Irene: First, thank you for the kind words:) It’s amazing how some writers just sing to an agent and you were that kind of a writer for me. Glad to see that it has been so many years and so many books later:) As to reality in the writing world, it’s a hard thing to pin down. Many people take writing courses (how to write, how to write better, how to start writing), but rarely do people take a course that addresses the “reality” of submitting your manuscript to an agent and/or a publisher. Authors can no longer really submit to a publisher (except perhaps for romance). Editors should think about what might happen if they ignore new voices and ideas.

The reality is everyone needs an agent not only to get their manuscript read but to negotiate the contract. A publisher (no matter how nice they sound) does not want to give you anything and will take as many rights from you as your naivete allows. A writer is not an expert in negotiating nor does a writer (at least most of them) know what a “standard” contract looks like, much less how to change it. So, the reality of writing is that once you complete a manuscript you are (in my mind) a true author. That said, I could never guarantee that you might be a published author.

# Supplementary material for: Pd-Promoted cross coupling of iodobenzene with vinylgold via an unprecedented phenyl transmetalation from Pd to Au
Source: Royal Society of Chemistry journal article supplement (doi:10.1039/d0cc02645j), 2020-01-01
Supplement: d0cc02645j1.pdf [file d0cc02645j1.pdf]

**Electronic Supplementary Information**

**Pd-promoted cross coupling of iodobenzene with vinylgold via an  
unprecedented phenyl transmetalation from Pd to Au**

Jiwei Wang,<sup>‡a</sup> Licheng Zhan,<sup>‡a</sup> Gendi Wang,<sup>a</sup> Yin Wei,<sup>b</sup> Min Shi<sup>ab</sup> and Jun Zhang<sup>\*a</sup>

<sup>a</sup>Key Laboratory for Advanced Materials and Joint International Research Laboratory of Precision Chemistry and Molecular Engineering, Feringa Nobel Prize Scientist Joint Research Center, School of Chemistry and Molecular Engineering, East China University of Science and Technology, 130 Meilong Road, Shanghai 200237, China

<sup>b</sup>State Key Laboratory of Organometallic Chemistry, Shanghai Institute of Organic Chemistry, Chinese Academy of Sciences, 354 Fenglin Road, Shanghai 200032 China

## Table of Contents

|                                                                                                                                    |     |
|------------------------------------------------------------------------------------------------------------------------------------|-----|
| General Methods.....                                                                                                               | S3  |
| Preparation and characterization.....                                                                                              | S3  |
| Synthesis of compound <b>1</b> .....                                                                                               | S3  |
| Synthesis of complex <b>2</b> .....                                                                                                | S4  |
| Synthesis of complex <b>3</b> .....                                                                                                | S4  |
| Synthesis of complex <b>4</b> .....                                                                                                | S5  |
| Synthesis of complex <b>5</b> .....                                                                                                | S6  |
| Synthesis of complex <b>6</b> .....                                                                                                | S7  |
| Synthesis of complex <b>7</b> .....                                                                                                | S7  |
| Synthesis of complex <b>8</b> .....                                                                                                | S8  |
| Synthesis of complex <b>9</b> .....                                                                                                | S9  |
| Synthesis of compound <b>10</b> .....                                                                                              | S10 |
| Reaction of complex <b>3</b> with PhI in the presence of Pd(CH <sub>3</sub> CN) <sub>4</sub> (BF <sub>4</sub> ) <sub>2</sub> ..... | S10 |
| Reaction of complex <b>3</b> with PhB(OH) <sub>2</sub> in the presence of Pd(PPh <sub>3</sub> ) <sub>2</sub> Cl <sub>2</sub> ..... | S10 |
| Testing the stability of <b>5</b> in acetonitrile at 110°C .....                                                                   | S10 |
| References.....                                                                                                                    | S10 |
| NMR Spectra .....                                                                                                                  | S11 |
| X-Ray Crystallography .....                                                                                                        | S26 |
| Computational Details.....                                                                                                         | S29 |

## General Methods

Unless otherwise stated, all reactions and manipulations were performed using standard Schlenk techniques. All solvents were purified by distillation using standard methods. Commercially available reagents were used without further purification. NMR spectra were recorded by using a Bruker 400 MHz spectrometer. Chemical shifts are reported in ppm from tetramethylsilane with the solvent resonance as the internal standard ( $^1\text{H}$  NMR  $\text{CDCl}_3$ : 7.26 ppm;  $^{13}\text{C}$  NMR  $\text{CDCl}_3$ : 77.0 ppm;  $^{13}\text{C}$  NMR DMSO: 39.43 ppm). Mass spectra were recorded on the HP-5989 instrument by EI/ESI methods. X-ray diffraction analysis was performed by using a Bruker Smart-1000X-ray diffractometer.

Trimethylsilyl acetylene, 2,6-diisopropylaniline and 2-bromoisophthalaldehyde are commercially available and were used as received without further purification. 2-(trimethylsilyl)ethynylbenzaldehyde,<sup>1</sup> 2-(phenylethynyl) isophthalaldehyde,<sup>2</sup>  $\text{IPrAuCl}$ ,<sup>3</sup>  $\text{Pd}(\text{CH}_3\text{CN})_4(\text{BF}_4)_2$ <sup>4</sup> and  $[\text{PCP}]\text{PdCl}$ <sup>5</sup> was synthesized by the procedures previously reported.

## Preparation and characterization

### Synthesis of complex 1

Janet: I certainly needed a skilled agent to help me with the entire publication process. Agents are invaluable. A savvy agent encourages the author to create the best possible work, evaluates when the manuscript is polished enough to be submitted to an editor, then walks that work through the doorway to the publisher. He or she also knows editors’ tastes and knows how to match your book with the right editor. You introduced me to many editors over the years. Can you tell us how you did that kind of matchmaking?